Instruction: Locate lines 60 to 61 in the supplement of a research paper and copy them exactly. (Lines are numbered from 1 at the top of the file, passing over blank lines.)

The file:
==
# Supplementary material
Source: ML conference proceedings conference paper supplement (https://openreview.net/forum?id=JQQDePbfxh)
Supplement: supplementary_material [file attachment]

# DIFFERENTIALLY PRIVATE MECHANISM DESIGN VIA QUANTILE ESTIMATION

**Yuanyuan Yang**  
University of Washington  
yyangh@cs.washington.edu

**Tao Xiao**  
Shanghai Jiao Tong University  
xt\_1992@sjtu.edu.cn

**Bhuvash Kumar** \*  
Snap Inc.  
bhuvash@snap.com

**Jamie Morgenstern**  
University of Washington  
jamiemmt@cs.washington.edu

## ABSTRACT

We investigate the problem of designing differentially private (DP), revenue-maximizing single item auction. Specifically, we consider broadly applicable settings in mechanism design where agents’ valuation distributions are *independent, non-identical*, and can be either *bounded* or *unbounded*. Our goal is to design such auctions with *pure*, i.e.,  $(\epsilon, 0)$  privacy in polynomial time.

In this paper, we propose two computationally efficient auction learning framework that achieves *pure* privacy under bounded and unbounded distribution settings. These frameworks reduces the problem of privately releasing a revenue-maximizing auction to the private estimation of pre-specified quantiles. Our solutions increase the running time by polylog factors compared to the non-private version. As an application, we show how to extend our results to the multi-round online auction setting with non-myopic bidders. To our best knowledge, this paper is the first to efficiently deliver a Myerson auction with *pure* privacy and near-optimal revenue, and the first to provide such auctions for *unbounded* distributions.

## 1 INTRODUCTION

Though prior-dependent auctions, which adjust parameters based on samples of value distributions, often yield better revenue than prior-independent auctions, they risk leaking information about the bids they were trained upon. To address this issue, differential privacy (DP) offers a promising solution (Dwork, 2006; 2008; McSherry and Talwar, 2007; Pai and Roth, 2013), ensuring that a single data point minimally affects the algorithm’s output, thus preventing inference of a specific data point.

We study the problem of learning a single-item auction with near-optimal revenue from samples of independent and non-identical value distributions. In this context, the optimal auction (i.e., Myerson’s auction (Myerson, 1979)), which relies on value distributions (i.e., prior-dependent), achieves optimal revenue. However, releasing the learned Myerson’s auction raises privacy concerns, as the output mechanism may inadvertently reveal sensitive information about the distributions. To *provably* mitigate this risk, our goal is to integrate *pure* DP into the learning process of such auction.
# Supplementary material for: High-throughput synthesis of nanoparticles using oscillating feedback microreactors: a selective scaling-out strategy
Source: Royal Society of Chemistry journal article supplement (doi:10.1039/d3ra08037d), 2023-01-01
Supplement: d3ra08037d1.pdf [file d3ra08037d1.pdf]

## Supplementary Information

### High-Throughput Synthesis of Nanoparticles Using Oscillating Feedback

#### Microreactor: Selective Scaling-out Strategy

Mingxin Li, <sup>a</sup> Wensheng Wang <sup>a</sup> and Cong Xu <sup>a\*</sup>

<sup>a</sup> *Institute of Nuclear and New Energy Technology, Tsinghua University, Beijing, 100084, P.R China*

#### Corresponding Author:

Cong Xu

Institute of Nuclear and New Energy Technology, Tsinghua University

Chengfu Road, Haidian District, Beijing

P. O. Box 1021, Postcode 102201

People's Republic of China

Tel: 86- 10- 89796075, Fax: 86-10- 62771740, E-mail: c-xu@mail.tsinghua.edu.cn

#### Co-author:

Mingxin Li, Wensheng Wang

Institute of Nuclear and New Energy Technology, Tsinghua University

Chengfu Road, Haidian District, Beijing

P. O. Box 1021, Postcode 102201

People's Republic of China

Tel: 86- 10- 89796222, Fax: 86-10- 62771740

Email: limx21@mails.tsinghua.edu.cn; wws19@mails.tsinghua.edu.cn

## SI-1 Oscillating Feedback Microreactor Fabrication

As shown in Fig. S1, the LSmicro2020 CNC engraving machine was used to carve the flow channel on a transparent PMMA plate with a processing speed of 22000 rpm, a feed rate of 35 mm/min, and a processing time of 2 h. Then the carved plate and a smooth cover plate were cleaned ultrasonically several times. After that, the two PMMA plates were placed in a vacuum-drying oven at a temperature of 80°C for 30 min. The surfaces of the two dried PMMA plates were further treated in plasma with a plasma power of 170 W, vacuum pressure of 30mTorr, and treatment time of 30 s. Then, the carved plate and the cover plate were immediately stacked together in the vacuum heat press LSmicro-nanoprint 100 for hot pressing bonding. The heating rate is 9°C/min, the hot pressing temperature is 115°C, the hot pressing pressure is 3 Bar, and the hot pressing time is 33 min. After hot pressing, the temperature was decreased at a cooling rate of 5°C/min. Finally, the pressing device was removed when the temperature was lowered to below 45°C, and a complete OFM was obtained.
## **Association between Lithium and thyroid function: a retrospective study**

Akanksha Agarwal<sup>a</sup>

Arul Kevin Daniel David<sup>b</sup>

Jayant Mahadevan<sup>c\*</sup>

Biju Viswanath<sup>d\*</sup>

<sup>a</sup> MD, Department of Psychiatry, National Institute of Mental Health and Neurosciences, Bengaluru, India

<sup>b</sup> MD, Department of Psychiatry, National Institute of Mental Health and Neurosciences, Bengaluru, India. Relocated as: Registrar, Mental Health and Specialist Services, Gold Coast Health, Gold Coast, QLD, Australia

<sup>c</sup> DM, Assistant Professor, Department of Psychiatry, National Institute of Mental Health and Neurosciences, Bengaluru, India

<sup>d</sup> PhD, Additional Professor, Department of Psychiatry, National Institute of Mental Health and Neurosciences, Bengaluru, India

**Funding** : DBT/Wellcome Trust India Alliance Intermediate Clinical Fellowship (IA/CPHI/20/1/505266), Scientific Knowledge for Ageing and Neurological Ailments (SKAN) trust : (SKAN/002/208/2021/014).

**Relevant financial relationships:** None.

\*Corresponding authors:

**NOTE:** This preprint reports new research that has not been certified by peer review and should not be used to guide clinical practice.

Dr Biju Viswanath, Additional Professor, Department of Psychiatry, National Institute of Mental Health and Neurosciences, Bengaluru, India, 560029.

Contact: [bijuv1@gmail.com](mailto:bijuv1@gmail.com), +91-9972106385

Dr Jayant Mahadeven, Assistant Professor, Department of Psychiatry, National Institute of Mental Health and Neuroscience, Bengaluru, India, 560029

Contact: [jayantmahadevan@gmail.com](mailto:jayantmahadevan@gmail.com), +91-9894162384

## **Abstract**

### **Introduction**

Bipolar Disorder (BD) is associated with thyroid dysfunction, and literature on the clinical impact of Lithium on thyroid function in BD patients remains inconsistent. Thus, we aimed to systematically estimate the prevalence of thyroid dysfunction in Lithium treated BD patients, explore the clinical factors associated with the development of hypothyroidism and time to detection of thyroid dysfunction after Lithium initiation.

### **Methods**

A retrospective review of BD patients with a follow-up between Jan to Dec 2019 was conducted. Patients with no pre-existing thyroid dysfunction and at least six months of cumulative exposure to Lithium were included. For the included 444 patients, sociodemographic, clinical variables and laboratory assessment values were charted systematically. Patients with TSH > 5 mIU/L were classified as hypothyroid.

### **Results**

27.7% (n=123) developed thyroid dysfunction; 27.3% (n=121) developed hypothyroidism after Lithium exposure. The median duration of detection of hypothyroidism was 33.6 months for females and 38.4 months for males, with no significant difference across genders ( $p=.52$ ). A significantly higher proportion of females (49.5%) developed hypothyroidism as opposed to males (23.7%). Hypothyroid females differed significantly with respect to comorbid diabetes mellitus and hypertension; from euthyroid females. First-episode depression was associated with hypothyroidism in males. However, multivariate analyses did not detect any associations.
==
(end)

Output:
**NOTE:** This preprint reports new research that has not been certified by peer review and should not be used to guide clinical practice.

Dr Biju Viswanath, Additional Professor, Department of Psychiatry, National Institute of Mental Health and Neurosciences, Bengaluru, India, 560029.